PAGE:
There is a complex and highly non-linear relationship between project productivity, programmer skill, and project organization. There will always be debate about how much of the phenomenal productivity of QPW owes to its culture, how much to its choice of staff, and how much to other factors.

Do One Thing And Do It Well

The phrase "Do one thing and do it well" is an admonition from C language expert Brian Kernighan about how to write good functions (and more recently from Arthur Riel's heuristic that each class should manage one key abstraction [BibRef-Riel1996], in addition to what are doubtless many other parallels). Analogous advice is starting to appear for classes in object-oriented systems. And the same might apply to the people who write those classes.

QPW is organized along lines of domain specialization. Domains important to QPW are dependency registration software, human interfaces, databases, and a few others. An individual was identified for each of those domains.
In their domain, each individual does what they are good at. They excel at bringing their domain expertise to the table in architecture meetings. They know what the right abstractions are. They know how to implement those abstractions. They bring C++ or DOS or Windows proficiency to the project, or quickly develop it (through analogy to related domain experience).

Equally important is what these individuals are not good at, and that they are not expected to take responsibility for domains not related to their specialization. Instead of working inthese domains, hey work with these domains. One good example is documentation. Developers are supported by a documentation organization that develops internal and external documentation. The time spent by developers in conveying this information to the documentation organization is far less than it would take for them to commit it to writing, put it into an acceptable format, and have the work edited for linguistic elegance.

By contrast, we knew that most of our AT&T developers wrote most of their own memos. It's not clear whether this owes to our history, our organizational boundaries, the nature of our business, or to reward mechanisms. Nevertheless, a deeply rooted cultural behavior at AT&T is that engineers draft their own memos. Developers spend much time (roughly 13%) of total development time creating and refining memos in AT&T. In Borland, that job is deferred to people who are expert at it. (AT&T information from process researchers Larry Votta and Nancy Staudenmayer (MIT), 1993.)

A Piecemeal Architecture Process

QPW development was highly iterative. To understand the nature of the iteration, one must understand its ramifications for architecture and implementation. One must also understand the culture by which changes were approved and how decisions were made. This takes us into the realm of project meetings, always a topic of interest in a large development organization.

The core architecture team met daily to hammer out C++ class interfaces, to discuss overall algorithms and approaches, and to develop the basic underlying mechanisms on which the system would be built. These daily meetings were several hours in duration; from what I heard, the project was made more of meetings than anything else. Everyone's external interfaces were globally visible, and were globally discussed. The product structure was built on the domain expertise brought to the table by domain experts, but it was socialized and tempered by the needs of the product as a whole.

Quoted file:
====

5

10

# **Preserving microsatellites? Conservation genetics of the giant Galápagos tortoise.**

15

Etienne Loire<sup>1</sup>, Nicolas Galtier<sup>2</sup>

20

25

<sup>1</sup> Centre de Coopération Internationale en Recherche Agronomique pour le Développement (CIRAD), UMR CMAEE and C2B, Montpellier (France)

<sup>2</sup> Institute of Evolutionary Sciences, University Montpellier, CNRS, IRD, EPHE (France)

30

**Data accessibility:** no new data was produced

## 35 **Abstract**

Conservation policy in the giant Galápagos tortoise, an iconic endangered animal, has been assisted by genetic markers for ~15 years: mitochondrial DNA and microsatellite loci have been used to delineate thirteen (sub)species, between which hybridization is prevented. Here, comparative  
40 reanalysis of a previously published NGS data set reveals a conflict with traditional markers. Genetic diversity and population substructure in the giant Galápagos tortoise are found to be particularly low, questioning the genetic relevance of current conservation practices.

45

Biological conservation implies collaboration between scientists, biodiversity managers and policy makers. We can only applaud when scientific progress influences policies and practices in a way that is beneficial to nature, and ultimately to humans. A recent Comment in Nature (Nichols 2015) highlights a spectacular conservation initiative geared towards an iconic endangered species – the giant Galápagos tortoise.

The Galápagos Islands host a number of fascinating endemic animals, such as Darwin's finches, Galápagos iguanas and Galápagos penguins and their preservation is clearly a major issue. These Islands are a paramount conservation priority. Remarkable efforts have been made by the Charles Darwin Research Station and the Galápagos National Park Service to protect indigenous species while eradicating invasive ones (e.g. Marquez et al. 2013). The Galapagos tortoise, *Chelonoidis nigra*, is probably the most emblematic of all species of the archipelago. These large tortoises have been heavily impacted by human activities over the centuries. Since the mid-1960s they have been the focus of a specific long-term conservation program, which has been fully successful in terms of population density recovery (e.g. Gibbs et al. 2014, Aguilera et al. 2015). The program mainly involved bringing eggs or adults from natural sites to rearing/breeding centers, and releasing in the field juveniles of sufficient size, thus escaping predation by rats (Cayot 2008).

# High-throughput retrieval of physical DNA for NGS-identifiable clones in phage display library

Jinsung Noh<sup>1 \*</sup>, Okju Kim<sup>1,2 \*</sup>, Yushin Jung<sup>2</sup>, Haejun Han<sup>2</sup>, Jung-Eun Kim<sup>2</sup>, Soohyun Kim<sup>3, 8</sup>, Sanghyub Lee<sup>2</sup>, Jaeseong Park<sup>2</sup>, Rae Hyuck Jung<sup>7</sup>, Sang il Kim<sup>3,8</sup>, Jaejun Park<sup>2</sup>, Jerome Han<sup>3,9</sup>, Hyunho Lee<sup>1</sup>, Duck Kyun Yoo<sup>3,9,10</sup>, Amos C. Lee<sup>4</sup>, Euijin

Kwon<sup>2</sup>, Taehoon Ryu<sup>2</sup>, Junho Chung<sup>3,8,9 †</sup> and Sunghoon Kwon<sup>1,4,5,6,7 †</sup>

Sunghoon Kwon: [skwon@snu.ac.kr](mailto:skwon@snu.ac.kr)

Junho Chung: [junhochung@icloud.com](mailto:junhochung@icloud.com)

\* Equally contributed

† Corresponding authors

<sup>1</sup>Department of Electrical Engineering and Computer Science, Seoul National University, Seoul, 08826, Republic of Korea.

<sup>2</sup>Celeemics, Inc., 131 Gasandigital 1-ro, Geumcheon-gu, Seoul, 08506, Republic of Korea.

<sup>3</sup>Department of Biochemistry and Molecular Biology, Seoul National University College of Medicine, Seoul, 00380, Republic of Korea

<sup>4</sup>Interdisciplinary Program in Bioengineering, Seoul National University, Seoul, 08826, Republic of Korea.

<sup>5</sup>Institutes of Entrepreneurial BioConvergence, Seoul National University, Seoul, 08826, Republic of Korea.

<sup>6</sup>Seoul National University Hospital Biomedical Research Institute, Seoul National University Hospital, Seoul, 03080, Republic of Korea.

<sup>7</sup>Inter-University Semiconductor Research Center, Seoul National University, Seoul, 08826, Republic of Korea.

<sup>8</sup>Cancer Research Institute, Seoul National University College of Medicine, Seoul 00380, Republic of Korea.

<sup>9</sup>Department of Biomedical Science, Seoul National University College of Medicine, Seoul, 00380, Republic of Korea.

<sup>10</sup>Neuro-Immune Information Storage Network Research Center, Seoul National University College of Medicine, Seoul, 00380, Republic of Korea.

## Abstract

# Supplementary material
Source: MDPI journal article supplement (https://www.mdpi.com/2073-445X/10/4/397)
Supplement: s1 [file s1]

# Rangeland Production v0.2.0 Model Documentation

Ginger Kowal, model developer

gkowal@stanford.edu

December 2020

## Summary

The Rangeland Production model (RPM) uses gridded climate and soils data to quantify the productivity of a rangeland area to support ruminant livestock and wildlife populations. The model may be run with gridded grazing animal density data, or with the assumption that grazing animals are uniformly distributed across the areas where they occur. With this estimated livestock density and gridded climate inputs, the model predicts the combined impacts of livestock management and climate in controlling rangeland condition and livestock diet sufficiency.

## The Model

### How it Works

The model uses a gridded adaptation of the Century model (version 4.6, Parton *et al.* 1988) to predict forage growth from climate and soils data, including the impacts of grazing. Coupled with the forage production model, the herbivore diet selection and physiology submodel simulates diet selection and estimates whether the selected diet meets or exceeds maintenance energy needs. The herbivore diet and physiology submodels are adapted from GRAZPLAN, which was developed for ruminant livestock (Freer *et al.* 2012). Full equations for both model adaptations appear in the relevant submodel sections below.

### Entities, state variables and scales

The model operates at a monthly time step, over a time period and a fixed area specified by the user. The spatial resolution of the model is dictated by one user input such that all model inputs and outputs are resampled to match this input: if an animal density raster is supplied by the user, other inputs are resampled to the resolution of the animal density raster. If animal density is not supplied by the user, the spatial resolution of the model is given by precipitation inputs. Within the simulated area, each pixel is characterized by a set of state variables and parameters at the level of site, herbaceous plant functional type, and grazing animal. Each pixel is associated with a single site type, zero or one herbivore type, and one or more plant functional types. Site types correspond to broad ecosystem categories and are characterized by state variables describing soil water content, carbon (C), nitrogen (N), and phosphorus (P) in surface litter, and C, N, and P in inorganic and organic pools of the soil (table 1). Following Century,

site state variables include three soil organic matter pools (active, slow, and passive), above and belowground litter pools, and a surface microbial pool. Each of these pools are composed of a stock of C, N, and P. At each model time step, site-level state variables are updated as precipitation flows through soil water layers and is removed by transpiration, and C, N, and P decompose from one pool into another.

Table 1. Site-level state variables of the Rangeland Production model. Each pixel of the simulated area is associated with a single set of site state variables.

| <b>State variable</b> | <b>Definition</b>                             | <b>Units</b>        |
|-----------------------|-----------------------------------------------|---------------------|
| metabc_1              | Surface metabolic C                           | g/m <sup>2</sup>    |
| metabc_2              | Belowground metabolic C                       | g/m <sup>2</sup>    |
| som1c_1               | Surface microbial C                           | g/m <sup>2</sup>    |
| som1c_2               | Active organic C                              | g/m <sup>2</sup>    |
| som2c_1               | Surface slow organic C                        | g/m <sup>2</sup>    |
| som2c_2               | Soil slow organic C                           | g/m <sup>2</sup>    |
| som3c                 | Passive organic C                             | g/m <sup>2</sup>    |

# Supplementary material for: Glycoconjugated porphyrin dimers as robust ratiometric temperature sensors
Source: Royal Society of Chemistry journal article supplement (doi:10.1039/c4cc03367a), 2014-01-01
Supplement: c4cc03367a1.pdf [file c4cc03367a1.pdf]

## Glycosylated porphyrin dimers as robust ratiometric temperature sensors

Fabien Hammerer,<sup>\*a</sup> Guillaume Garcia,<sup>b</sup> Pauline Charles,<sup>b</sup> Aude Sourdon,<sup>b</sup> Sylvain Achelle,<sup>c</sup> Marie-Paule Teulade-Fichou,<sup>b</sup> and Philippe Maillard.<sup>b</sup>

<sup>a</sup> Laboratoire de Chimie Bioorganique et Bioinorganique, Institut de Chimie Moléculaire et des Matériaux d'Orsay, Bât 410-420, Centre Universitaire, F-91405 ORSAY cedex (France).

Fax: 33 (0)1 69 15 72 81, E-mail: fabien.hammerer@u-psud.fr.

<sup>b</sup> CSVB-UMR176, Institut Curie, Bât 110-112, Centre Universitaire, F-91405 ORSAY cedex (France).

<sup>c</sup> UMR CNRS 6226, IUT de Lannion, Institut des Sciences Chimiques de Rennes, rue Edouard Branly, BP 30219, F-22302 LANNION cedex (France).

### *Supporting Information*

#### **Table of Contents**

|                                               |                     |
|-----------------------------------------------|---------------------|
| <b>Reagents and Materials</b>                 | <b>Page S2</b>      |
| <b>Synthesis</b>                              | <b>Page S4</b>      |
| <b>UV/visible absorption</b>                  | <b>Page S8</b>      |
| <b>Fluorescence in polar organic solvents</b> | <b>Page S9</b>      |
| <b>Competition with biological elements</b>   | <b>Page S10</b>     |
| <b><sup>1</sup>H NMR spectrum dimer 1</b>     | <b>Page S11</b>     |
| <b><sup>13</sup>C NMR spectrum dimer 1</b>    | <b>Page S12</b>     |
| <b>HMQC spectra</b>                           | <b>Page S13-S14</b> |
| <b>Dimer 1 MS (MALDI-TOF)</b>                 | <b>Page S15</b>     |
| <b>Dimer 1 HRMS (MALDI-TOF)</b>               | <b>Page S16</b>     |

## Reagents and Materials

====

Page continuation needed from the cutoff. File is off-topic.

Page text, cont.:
In spite of the intense meeting-oriented development culture the project built around its architectural development, class implementations were fleshed out in private. Individuals were trusted with doing a good job of implementation: after all, project members were acknowledged experts in their domains. Code reviews were rare. The trust and respect engendered by this domain expertise made it possible to focus meetings on system-level issues.

There are three project principles worth noting about the QPW organization's communication architecture:
  1. Meetings are not a bad thing. While we all cringe at the thought of a project centered on a meeting that carries over from one day to the next throughout early development. But our fear of meetings likely comes more from our memories of the ineffectiveness of our meetings, not from their frequency. At the First International Workshop on Software Process, I polled several process luminaries with the following question: Suppose I am among the most mature software organizations in the world (a CMM Level 5). [BibRef-Humphrey1992]. How much of my time do I spend in meetings? Responses from Vic Basilli, Watts Humphrey, and Barry Boehm ranged from 30% to 50%. Project communication, a shared vision, and meetings are important and productive if meetings are properly conducted.
  2. Development takes place on two levels:architecture and implementation. There is an architectural thread, and a development thread; both are ongoing, and they interact with each other strongly. New implementations suggest architectural changes, and these are discussed at the daily meetings. Architectural changes usually require radical changes to the implementation. The implementors' ability to quickly reflect those changes in their implementation is key to turning around architectural changes quickly; this is due in large part to ArchitectAlsoImplements. This is where the outstanding productivity of the project members comes into play: Their incredible productivity supports iterative development. There may be a third development thread — product management and marketing — that goes beyond the scope of this inquiry.
  3. The development interaction style is a good match for the implementation technology the group had selected. Object-oriented development leads to abstractions whose identity and structure are largely consistent across analysis, design and implementation. Classes hide implementations and localized design decisions, though their external interfaces are globally visible. Mapping C++ classes and people close together made it possible for developers to reason about the implementation off-line, away from the meetings that dealt with interface issues.